3. Thanks for sharing this, Kenny. I do wonder whether the ‘time’ issue is more to do with teacher supply than economics. Giving teachers more time would be fantastic on so many levels, but if teachers taught a little less, more teachers would be needed, and at the moment it looks like we’re struggling to recruit the ones we currently need, let alone more. What do you think?

    • But isn’t teacher supply directly linked to economics? My argument would be that by investing in teachers – whether that be more teachers or more time or more teachers to provide more time – then we could gain so much more in the long run. It seems nonsensical to accept that we all need to to take our share of the cuts. Education should be an investment in times of recession.
      Thanks, as always, for taking the time to comment Jill. I hope you’re well.

      • I think, ironically, if teachers were less pressured and better valued this would be good for teacher recruitment and retention, which would mean that teachers were less likely to be over-worked and so would feel less-pressured! But in the short- and medium-term, where do the new teachers come from to create time for those already in the profession to do a less manic and so a better job?

        I’m good, thanks, Kenny. Hope you are too, and that you are enjoying a restful Easter break

      • Well I think that’s where initial investment should go. Teacher training and recruitment. First step. Take it from there. Thanks Jill. Have a lovely break.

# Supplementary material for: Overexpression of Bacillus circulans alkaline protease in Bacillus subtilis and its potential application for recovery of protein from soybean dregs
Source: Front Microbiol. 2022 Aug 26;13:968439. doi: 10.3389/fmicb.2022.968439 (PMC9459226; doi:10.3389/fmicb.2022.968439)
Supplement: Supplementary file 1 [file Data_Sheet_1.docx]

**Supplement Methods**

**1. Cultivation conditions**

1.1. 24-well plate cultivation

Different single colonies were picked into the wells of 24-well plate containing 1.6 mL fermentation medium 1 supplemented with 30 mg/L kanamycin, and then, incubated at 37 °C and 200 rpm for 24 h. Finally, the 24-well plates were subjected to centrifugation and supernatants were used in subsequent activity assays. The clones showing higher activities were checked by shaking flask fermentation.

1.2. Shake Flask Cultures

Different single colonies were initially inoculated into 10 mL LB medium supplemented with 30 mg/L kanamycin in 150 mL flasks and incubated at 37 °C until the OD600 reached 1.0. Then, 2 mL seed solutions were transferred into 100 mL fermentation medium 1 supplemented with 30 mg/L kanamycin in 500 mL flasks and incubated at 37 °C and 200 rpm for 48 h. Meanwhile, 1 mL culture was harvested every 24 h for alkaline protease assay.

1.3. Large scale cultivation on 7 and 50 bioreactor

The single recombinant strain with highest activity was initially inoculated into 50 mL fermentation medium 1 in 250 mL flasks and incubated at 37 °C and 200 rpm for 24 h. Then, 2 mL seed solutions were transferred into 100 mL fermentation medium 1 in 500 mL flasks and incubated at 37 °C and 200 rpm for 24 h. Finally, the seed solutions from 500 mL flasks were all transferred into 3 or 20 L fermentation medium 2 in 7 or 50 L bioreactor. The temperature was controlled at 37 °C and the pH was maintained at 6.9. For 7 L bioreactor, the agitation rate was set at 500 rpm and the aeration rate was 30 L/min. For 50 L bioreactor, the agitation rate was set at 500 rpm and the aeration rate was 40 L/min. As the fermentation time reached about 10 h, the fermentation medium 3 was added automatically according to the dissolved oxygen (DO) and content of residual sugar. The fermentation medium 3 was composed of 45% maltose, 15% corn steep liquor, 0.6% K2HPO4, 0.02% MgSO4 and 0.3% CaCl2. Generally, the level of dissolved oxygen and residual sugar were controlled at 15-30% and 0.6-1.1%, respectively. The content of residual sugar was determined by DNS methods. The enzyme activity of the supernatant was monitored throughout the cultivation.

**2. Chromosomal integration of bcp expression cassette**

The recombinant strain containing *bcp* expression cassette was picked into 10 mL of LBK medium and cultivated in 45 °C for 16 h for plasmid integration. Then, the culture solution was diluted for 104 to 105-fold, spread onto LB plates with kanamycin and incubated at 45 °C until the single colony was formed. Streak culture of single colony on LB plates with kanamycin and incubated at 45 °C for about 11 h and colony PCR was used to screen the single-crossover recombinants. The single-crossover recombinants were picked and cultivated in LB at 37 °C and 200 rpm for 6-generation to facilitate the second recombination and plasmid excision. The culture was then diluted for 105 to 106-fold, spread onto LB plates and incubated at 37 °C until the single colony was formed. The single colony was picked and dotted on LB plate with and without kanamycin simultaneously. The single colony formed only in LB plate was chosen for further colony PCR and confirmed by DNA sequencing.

• “where do the new teachers come from to create time for those already in the profession to do a less manic and so a better job?”

        Or this… http://leahkstewart.com/incompetent/ …powers of the internet; I’m not trained as a teacher yet students are seeing my work and asking me honest question which I find fun to answer. This has led to a number asking to pay me for career consultations, because it’s my input they want. Another example, linked to from that page, is an ex teacher providing lots of free advice on exam revision and uni applications, who is also available for paid consultations with students, but some prefer to buy her book from her website instead. I’ve also just started a project with a full-time school teacher who’s passionate about the Afrikaans language enough to explore it in her own time via her interviews with various experts, and my role is to package this into an online experience for her to easily share with any students or adults who care to follow and learn alongside her, for fun.

        If we can get away from the idea that students, teenage students, need constant instruction, then teachers will have time and head-space to lead only empowering learning experiences for students and themselves.